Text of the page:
Brainstem motor and sensory nuclei week 5 Flashcards Preview

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Flashcards in Brainstem motor and sensory nuclei week 5 Deck (42):
1

What do motor nuclei in the brainstem consist of? (what fiber types, where do they go)

What order neurons are sensory nuclei in the brainstem? Where do they project to? What role do they play in reflexes?

Motor Nuclei: consist of 1) efferent lower motor neurons (both GSE and BE/SVE) to skeletal muscles and 2) preganglionic neurons (GVE) for parasympathetic outflow to smooth muscle and glands.

Cells in Sensory nuclei receive afferent fibers and serve as secondary neurons projecting up to the thalamus and cortex, as well as connecting locally to motor neurons for brainstem reflexes (e.g. pupillary light, corneal blink, jaw jerk and gag reflexes).

2

In the brainstem, motor nuclei are located more ____ and sensory nuclei are located more _____. 

What is the embryologic origin of motor nuclei? Sensory nuclei?

 In the brainstem, motor nuclei are located more medially (MM) and sensory nuclei are located more laterally. 

• Motor nuclei medial (Basal plate derivatives)

• Sensory nuclei lateral (Alar plate derivatives)

3

What separates motor from sensory nuclei?

Nuclei with what fiber types (GSA, etc.) are autonomic nuclei (both sensory and motor) located btwn?

State the order of classification of nuclei (GSA, SSA, etc.) from lateral to medial in the brainstem. 

Nuclei with what fiber types migrate to more anterolateral regions during development?

1. The sulcus limitans separates motor from sensory nuclei.

2. Autonomics are located between Somatic motor (GSE) and Somatic sensory (either GSA or SSA). see attached pic

3. Lateral to medial (see attached pic): SSA, GSA, GVA, GVE, BE, GSE

4. During development some BE and GSA neurons migrate to more anterolateral areas (see attached pic)

4

State what part of the brainstem each cranial nerve is associated with.

Midrain: III and IV

Pons: V, VI, VII, VIII

Medulla: IX, X, XI, XII

5

In the brainstem, state where each of the following pathways are (medial, lateral, ventral/anterior, etc)

corticospinal

corticobulbar

medial lemniscus

lateral spinothalamic tract

If applicable, state what pathways join within the brainstem.

 

1) Corticospinal and Corticobulbar pathways are always ventral/anterior

2) Medial lemniscus changes position from midline caudally to more lateral at rostral levels

3) Lateral spinothalamic tract stays lateral and is joined by the Medial lemniscus rostrally

6

What parts of the brainstem (medial, lateral) does the vertebral-basilar-PCA stem supply?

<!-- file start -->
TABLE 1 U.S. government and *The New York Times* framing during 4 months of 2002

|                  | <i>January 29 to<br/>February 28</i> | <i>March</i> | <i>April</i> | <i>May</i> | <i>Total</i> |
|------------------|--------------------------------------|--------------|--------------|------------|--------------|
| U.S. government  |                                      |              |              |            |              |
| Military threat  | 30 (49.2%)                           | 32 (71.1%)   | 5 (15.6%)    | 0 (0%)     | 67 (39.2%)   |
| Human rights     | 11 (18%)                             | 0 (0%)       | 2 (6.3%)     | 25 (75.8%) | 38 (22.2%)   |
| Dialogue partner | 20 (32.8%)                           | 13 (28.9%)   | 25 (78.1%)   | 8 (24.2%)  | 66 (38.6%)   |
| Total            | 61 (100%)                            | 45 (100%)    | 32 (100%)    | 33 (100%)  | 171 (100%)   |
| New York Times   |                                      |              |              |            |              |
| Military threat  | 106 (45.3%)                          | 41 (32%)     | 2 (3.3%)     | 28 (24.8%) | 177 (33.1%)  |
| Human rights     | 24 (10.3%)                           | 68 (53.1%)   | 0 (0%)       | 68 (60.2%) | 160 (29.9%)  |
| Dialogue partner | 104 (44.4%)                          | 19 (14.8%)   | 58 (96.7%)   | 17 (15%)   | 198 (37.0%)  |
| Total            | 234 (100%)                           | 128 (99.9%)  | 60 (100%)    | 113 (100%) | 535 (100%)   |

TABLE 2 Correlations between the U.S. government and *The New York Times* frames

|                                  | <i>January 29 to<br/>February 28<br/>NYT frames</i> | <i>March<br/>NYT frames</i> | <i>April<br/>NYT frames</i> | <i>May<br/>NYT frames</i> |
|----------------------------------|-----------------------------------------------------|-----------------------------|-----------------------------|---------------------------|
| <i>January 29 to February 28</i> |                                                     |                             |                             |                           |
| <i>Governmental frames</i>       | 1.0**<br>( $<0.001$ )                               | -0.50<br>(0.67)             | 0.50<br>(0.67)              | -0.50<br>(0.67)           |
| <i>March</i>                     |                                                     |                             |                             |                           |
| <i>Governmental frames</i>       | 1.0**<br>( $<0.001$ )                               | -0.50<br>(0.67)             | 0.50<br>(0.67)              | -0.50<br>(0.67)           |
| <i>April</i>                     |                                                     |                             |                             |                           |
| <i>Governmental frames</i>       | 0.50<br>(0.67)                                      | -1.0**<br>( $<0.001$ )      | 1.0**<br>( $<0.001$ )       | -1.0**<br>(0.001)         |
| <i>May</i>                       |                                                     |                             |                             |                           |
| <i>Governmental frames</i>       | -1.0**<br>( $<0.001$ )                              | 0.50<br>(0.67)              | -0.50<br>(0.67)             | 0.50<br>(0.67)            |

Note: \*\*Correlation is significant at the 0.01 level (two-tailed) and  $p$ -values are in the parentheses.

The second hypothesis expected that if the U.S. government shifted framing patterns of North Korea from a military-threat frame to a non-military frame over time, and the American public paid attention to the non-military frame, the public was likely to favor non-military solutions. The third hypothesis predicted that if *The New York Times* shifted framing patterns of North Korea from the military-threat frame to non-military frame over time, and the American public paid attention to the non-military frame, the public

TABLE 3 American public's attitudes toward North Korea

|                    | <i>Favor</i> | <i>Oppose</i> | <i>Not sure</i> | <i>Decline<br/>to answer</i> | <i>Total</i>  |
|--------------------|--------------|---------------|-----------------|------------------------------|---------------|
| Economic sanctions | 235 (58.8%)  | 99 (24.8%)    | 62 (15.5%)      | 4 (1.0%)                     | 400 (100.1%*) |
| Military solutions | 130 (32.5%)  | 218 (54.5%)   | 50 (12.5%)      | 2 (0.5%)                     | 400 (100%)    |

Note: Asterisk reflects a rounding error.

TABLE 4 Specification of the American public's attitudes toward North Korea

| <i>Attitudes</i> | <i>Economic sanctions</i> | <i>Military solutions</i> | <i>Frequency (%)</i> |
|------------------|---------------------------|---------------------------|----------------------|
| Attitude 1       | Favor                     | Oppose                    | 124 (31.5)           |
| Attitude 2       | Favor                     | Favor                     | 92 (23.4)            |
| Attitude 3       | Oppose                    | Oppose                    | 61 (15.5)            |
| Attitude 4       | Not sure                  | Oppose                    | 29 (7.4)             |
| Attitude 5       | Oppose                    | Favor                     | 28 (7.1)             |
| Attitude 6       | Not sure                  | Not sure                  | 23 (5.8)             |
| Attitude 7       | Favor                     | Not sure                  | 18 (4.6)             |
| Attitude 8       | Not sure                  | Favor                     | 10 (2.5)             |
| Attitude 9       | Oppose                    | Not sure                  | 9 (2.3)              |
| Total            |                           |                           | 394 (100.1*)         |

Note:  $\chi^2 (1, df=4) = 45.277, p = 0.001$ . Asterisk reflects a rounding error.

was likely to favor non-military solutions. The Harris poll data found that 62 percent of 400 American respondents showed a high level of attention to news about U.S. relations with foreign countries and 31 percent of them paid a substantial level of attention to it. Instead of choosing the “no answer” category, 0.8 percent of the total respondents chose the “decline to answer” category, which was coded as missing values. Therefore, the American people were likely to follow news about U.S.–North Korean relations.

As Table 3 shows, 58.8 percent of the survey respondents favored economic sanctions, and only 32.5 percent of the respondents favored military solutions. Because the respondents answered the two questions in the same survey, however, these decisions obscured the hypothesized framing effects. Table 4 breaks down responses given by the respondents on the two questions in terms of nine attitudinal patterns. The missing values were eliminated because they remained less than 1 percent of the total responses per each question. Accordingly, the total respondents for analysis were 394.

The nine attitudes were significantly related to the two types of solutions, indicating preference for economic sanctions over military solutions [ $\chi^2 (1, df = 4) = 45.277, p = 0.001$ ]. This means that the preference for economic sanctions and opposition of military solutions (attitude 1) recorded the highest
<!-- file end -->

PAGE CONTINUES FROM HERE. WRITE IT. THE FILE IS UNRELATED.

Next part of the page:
The cerbellar branches? (PICA, AICA, SCA)

Specifically state what parts of the brainstem the PICA, AICA, and SCA supply. (midbrain, pons, medulla)

Vessels:

1) The vertebral-basilar-PCA stem supplies medially placed structures via small penetrating feeder branches

2) Cerebellar branches ( PICA, AICA, SCA) supply the lateral brainstem, each at a different level

PICA: lateral medulla

AICA: lateral pons

SCA: dorsolateral midbrain

7

What CNs have GSE fiber types?

General Somatic Efferents (GSE)

• Cranial Nerves III, IV, VI, and XII

8

In what part of the midbrain is the oculomotor (III) nucleus?

What is the position of the oculomotor nucleus in relation to the cerebral aqueduct and periaqueductal gray?

What is the position of the IIIrd nucleus in relation to the superior colliculi?

What is the function of CN III?

Oculomotor Nucleus (III) – ventral to cerebral aqueduct and periaqueductal gray at level of superior colliculus in rostral midbrain

CN III is the only motor nucleus at this level. Note that it exits btwn the cerebral peduncles. 

Nerve Fibers innervate levator palpebrae (muscle which holds the eyelid open), and four of the six extraocular muscles (excluding the superior oblique and lateral rectus). Controls adduction and elevation of the eyeball.

9

In what part of the midbrain is the trochlear (IV) nucleus?

What is the position of the IVth nucleus in relation to the periaqueducatal gray?

What is the position of the IVth nucleus in relation to the inferior colliculi?

Explain the pathway CN IV takes to exit the midbrain.

Does it exit ventrally or dorsally?

What is the function of CN IV?

Trochlear Nucleus (IV) : beneath the PAG at the level of the inferior colliculus (caudal midbrain). 

Fibers cross midline and exit dorsally, passing around the brainstem to innervate the superior oblique muscle : medially rotates (intorts) and moves eyeball down.